The biggest critics of robo-umps is a surprising one

ABS camera, MLB (Photo by Rich Schultz/Getty Images)
ABS camera, MLB (Photo by Rich Schultz/Getty Images) /

The MLB is experimenting with robotic umpires — and there’s already a surprising source of opposition. 

Every major sports league pursues innovation on some level. The NBA and NFL are known for breakthroughs in sports medicine and treatment. In the MLB, recent advancements have hinged on the potential future implementation of ABS — the Automatic Ball-Strike System.

That’s right: the MLB is on the verge of transitioning to robo-umps. While the timeline of that implementation is unclear, the league has been testing the method in Triple-A all year. On the surface, it’s the perfectly calibrated solution to every baseball fan’s greatest frustration. The errant strike, the improperly judged ball. It could all be eliminated from the game completely.

And yet, not everyone is on board. On citric in particular might surprise fans.

MLB catchers might not like the implementation of robo-umps

One would think catchers would be the primary supporter of robo-umps. The strike zone wouldn’t change night to night. There’d be no need to argue with umps, no need to frame pitches. And therein lies the issue.

Evan Skoug, catcher for the Triple-A Charlotte Knights, had the following to say about the ABS system to ESPN’s Jeff Passan.

"“I’m completely against [full] ABS when I’m catching, because if you think about it, some of the best catchers that I’ve idolized and looked up to while playing have made their career defensively. It doesn’t really matter how great you hit if you can control the staff and steal some strikes. You can play for a really long time and you can make a lot of money.There’s so much more to the position value-wise that ABS would just put a damper on. But I think the challenge system is fun. I like watching hitters’ faces in the box. So it’s fun when the machine actually works and it shows you where the pitch was.”"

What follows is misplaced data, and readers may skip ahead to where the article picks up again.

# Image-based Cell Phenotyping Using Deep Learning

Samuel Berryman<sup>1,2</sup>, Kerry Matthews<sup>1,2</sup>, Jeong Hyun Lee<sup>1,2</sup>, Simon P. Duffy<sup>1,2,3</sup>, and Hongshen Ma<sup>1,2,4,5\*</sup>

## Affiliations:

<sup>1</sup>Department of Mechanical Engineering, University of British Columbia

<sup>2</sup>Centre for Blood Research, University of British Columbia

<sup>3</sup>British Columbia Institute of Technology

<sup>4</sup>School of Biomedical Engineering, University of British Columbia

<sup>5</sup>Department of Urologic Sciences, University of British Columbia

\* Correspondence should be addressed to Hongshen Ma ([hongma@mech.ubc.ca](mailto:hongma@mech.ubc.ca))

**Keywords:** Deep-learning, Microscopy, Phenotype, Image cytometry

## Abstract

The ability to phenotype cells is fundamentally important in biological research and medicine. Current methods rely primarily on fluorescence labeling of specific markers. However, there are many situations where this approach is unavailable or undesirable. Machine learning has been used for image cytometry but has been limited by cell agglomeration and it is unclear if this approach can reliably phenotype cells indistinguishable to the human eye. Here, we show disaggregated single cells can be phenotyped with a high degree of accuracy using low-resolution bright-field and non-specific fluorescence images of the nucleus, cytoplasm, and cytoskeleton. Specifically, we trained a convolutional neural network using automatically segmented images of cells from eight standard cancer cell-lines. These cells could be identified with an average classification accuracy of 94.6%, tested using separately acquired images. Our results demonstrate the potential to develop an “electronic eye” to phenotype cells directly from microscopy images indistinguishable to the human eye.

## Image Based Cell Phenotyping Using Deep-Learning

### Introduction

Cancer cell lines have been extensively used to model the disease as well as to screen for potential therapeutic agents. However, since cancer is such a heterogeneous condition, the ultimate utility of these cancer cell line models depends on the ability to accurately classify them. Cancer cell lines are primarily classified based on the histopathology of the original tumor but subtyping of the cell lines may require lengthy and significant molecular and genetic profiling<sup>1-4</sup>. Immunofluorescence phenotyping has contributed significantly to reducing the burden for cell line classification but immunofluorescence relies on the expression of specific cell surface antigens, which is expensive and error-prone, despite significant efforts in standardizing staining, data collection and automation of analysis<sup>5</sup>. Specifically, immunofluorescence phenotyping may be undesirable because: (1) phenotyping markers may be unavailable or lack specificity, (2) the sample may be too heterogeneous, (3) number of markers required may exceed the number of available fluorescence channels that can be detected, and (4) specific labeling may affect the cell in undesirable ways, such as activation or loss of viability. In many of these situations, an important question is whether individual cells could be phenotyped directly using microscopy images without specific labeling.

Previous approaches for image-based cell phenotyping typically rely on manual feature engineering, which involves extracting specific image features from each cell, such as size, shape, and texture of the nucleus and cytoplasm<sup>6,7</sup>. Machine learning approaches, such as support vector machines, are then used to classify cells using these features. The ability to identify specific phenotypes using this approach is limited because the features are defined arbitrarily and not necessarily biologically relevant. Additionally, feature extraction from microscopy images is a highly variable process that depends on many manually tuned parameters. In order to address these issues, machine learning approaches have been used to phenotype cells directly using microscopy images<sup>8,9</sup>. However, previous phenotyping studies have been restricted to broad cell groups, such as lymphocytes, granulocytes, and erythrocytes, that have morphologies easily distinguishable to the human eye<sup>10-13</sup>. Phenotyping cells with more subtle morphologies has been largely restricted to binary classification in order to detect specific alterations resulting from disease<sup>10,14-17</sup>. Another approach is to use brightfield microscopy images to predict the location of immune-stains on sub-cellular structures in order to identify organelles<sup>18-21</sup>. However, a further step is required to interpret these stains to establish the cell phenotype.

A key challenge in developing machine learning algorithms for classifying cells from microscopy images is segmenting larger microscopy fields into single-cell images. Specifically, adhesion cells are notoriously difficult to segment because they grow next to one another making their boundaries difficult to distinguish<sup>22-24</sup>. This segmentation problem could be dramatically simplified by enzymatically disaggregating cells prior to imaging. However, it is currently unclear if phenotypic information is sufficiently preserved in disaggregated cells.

He has a point. Would baseball fans or players really like a perfect ball-strike system? Isn’t half the fun for fans arguing belligerently when the ump screws your favorite team? Is it not part of pitching to adapt and exploit an umpire’s tendencies? And yes, for catchers, half the defensive battle is framing balls as strikes.

We would no longer get ridiculous power displays from umpires who clearly don’t have a clue where the strike zone begins and ends. Sure, that can be annoying — but it’s also so ingrained in baseball culture, such a foundational aspect of the sport, that the idea of getting rid of it feels… wrong. Take away human error for sanitized, robotic perfection, and all of a sudden the game just doesn’t quite feel the same.

The MLB fandom will probably be split down the middle on this issue. The idea of getting the right call every time does have a certain appeal for the more rigidly lawful type. But baseball has long been a sport for humans, played by humans, and judged by humans. Maybe American’s favorite pastime should stay that way — human.

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